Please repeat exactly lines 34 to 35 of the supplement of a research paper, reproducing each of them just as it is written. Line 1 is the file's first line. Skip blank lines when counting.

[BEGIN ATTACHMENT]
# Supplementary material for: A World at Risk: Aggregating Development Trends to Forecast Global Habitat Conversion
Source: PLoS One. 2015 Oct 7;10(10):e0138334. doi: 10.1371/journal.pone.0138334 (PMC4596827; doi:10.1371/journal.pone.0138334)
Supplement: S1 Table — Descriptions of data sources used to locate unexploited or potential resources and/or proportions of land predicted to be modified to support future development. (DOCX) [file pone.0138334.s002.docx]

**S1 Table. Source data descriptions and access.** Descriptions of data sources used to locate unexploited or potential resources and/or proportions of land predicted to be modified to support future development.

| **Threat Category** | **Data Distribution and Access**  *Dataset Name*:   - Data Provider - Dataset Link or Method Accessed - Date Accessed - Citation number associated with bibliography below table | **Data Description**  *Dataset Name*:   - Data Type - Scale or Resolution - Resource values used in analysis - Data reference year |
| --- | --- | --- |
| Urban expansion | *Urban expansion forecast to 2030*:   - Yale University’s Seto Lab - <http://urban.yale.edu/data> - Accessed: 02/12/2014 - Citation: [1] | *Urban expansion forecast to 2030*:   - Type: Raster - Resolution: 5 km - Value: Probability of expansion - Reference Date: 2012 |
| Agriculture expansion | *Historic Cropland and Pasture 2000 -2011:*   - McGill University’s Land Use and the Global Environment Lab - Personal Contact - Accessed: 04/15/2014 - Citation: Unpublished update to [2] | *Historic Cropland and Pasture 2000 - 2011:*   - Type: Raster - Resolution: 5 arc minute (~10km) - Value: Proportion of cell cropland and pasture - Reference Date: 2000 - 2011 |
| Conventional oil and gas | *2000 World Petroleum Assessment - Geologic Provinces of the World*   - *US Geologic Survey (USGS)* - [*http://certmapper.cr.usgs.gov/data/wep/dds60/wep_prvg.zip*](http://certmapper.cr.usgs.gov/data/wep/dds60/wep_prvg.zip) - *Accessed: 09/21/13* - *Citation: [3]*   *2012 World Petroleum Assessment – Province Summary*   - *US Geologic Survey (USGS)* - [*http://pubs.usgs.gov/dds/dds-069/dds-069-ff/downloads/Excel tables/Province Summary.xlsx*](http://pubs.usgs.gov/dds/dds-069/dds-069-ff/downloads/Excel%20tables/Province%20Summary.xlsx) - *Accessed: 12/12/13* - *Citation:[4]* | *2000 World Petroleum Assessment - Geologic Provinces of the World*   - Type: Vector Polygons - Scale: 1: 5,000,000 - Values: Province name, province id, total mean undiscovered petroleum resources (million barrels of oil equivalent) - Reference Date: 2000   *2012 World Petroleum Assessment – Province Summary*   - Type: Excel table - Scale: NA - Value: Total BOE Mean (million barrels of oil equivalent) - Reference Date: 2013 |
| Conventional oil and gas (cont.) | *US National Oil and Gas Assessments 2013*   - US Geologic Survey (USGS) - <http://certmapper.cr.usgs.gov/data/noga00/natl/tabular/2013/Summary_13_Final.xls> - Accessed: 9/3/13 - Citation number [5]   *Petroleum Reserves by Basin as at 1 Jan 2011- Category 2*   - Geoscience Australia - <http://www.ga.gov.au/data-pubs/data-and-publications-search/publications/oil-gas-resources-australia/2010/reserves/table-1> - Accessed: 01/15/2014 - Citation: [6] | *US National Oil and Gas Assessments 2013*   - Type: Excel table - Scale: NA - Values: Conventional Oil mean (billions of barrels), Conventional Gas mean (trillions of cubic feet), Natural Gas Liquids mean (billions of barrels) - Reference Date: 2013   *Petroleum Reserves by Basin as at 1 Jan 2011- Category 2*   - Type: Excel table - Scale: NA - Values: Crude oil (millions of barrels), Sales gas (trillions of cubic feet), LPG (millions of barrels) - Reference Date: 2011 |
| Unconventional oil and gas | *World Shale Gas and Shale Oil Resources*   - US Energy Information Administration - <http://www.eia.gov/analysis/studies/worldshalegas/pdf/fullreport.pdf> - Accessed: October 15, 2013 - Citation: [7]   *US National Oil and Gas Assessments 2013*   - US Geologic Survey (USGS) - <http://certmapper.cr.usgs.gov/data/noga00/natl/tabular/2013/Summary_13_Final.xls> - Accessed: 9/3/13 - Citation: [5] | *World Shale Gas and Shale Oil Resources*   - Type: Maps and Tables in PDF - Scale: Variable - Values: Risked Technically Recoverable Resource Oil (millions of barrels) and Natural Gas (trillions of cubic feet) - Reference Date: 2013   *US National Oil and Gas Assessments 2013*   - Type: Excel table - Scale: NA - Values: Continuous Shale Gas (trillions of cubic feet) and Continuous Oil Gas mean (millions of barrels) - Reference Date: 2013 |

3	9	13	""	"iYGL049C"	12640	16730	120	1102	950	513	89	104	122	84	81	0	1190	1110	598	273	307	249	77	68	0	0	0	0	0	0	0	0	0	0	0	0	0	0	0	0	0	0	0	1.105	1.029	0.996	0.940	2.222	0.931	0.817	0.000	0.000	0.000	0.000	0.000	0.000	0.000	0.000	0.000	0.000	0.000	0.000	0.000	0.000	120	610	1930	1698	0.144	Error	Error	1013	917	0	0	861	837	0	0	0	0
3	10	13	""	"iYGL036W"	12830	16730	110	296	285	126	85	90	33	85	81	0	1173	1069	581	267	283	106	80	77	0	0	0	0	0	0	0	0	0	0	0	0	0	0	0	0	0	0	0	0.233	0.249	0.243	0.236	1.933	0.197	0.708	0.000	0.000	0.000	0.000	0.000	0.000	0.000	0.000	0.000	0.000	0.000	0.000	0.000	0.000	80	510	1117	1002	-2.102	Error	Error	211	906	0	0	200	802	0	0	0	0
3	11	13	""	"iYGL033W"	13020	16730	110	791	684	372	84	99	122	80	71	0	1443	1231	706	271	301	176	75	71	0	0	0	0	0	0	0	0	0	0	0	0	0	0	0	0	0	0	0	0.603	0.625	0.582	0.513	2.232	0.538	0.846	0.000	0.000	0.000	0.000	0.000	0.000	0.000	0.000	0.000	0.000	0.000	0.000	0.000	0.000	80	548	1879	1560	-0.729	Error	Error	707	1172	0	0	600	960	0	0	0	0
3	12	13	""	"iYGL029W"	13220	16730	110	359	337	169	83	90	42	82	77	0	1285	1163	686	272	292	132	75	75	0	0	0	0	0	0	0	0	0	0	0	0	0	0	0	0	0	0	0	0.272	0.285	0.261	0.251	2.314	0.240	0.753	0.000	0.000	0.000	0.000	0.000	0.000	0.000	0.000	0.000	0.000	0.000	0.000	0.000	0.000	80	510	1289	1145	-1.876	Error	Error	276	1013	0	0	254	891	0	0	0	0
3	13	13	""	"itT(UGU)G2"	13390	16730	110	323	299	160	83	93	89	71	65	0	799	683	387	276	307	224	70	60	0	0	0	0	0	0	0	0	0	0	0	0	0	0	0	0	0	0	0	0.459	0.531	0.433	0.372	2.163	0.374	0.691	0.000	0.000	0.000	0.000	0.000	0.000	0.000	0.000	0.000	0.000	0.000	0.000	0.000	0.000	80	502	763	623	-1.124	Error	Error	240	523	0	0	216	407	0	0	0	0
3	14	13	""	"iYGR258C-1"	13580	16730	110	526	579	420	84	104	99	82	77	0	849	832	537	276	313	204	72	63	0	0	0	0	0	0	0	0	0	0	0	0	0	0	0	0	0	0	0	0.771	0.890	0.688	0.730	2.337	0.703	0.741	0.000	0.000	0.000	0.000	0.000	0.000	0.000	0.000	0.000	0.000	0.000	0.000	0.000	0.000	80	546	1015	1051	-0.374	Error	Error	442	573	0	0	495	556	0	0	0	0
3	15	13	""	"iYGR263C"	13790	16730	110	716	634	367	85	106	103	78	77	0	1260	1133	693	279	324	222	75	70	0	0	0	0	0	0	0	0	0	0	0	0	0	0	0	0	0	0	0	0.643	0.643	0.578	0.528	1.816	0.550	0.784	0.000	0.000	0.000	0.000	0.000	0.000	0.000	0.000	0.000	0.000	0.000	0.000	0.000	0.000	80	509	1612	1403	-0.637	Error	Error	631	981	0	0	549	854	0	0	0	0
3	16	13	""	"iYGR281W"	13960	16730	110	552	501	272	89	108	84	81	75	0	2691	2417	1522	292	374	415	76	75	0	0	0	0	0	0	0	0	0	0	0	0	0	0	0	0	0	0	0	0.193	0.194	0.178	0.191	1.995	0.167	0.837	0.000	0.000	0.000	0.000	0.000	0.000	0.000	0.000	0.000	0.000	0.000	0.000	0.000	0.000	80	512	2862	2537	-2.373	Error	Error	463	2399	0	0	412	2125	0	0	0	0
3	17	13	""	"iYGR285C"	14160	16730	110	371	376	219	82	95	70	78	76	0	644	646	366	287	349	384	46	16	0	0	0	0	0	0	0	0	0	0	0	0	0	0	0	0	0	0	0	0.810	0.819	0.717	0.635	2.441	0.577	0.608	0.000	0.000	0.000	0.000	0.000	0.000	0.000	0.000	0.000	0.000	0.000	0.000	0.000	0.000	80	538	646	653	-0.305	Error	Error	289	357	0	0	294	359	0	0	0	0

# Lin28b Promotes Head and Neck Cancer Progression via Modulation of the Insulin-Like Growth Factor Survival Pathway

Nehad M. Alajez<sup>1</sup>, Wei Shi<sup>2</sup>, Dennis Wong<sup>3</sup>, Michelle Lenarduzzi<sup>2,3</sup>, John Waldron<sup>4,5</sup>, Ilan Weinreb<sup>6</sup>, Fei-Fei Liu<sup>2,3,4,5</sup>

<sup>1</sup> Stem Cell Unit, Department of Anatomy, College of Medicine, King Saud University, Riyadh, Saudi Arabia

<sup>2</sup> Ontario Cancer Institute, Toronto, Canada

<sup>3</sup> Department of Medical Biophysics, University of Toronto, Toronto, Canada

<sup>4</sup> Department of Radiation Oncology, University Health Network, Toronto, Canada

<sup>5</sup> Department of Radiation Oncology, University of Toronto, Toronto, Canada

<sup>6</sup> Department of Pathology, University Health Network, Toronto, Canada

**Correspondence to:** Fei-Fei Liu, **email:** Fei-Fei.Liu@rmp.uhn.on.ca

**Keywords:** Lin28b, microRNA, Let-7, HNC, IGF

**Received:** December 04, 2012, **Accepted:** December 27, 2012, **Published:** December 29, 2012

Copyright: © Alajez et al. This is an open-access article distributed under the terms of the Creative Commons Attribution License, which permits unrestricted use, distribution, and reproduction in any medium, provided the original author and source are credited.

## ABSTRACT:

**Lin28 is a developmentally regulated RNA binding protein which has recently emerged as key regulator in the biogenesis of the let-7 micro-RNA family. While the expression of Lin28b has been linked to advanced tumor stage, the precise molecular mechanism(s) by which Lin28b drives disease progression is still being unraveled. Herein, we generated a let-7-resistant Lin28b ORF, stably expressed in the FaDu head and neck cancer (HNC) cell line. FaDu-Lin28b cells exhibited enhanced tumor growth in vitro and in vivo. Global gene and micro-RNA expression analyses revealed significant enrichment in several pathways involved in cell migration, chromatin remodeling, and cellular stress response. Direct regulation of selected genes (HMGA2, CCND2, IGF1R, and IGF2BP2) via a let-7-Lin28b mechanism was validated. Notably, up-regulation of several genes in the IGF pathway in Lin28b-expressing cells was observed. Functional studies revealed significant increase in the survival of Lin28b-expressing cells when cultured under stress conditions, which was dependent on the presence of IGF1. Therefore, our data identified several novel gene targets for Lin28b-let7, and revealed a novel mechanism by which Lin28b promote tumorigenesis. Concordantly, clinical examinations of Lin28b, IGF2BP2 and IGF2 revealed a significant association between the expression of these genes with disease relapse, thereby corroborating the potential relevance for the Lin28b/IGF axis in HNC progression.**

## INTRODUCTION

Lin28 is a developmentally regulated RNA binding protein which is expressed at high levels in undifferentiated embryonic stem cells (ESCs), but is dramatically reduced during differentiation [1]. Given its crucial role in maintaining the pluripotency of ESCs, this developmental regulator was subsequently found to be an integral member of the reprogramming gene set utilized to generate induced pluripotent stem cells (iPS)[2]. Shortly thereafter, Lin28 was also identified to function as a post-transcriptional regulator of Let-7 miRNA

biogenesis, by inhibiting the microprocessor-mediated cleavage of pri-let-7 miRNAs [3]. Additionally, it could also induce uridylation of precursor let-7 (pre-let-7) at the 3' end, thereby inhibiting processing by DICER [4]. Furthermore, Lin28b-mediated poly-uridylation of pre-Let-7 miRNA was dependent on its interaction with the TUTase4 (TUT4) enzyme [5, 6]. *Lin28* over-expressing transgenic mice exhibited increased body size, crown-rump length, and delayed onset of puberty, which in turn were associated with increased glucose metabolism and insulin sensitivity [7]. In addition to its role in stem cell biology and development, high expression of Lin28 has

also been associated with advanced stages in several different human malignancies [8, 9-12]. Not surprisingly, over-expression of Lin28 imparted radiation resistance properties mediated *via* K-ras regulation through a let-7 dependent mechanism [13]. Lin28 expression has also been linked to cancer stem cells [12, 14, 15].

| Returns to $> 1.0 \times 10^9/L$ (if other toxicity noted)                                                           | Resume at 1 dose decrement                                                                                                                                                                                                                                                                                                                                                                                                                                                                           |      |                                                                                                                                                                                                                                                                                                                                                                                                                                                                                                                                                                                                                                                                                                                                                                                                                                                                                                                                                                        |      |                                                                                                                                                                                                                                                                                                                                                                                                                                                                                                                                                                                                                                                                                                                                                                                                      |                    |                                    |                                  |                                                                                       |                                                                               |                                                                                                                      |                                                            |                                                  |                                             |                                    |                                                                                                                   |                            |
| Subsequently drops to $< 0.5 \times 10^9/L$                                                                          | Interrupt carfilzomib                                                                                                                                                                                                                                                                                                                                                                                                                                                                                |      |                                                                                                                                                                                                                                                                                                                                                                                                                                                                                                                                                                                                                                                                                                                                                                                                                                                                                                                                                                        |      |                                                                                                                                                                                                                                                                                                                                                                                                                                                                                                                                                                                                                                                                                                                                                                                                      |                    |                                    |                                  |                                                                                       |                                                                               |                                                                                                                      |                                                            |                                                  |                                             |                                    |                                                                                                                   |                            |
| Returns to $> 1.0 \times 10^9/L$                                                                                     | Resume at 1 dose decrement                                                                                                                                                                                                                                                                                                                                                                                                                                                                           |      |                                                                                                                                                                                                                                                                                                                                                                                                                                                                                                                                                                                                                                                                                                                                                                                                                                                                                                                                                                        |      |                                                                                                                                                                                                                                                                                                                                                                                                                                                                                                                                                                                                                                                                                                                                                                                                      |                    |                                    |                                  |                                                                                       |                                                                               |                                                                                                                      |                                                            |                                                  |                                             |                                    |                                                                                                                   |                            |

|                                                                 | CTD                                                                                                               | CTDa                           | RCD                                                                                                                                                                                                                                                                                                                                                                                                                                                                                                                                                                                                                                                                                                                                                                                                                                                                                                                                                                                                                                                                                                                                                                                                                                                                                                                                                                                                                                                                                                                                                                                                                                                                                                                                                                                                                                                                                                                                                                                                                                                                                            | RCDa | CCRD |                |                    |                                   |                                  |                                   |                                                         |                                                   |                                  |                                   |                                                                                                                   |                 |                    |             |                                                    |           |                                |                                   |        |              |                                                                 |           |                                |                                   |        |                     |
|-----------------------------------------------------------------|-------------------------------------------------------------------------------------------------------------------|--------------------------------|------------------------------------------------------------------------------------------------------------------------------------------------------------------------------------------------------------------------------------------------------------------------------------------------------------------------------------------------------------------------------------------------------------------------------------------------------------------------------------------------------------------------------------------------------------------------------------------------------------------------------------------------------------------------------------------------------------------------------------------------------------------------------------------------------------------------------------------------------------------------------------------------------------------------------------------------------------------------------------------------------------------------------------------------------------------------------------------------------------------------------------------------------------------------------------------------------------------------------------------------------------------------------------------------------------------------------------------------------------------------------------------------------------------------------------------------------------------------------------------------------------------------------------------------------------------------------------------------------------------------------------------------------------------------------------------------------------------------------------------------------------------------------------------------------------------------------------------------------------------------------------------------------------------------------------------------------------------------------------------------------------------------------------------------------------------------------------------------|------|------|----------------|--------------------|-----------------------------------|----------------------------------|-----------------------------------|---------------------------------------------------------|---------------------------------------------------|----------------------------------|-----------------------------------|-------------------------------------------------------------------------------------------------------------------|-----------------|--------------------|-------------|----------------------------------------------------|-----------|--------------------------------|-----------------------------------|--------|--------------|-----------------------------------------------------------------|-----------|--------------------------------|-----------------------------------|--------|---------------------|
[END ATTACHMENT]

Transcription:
**Lin28 is a developmentally regulated RNA binding protein which has recently emerged as key regulator in the biogenesis of the let-7 micro-RNA family. While the expression of Lin28b has been linked to advanced tumor stage, the precise molecular mechanism(s) by which Lin28b drives disease progression is still being unraveled. Herein, we generated a let-7-resistant Lin28b ORF, stably expressed in the FaDu head and neck cancer (HNC) cell line. FaDu-Lin28b cells exhibited enhanced tumor growth in vitro and in vivo. Global gene and micro-RNA expression analyses revealed significant enrichment in several pathways involved in cell migration, chromatin remodeling, and cellular stress response. Direct regulation of selected genes (HMGA2, CCND2, IGF1R, and IGF2BP2) via a let-7-Lin28b mechanism was validated. Notably, up-regulation of several genes in the IGF pathway in Lin28b-expressing cells was observed. Functional studies revealed significant increase in the survival of Lin28b-expressing cells when cultured under stress conditions, which was dependent on the presence of IGF1. Therefore, our data identified several novel gene targets for Lin28b-let7, and revealed a novel mechanism by which Lin28b promote tumorigenesis. Concordantly, clinical examinations of Lin28b, IGF2BP2 and IGF2 revealed a significant association between the expression of these genes with disease relapse, thereby corroborating the potential relevance for the Lin28b/IGF axis in HNC progression.**

## INTRODUCTION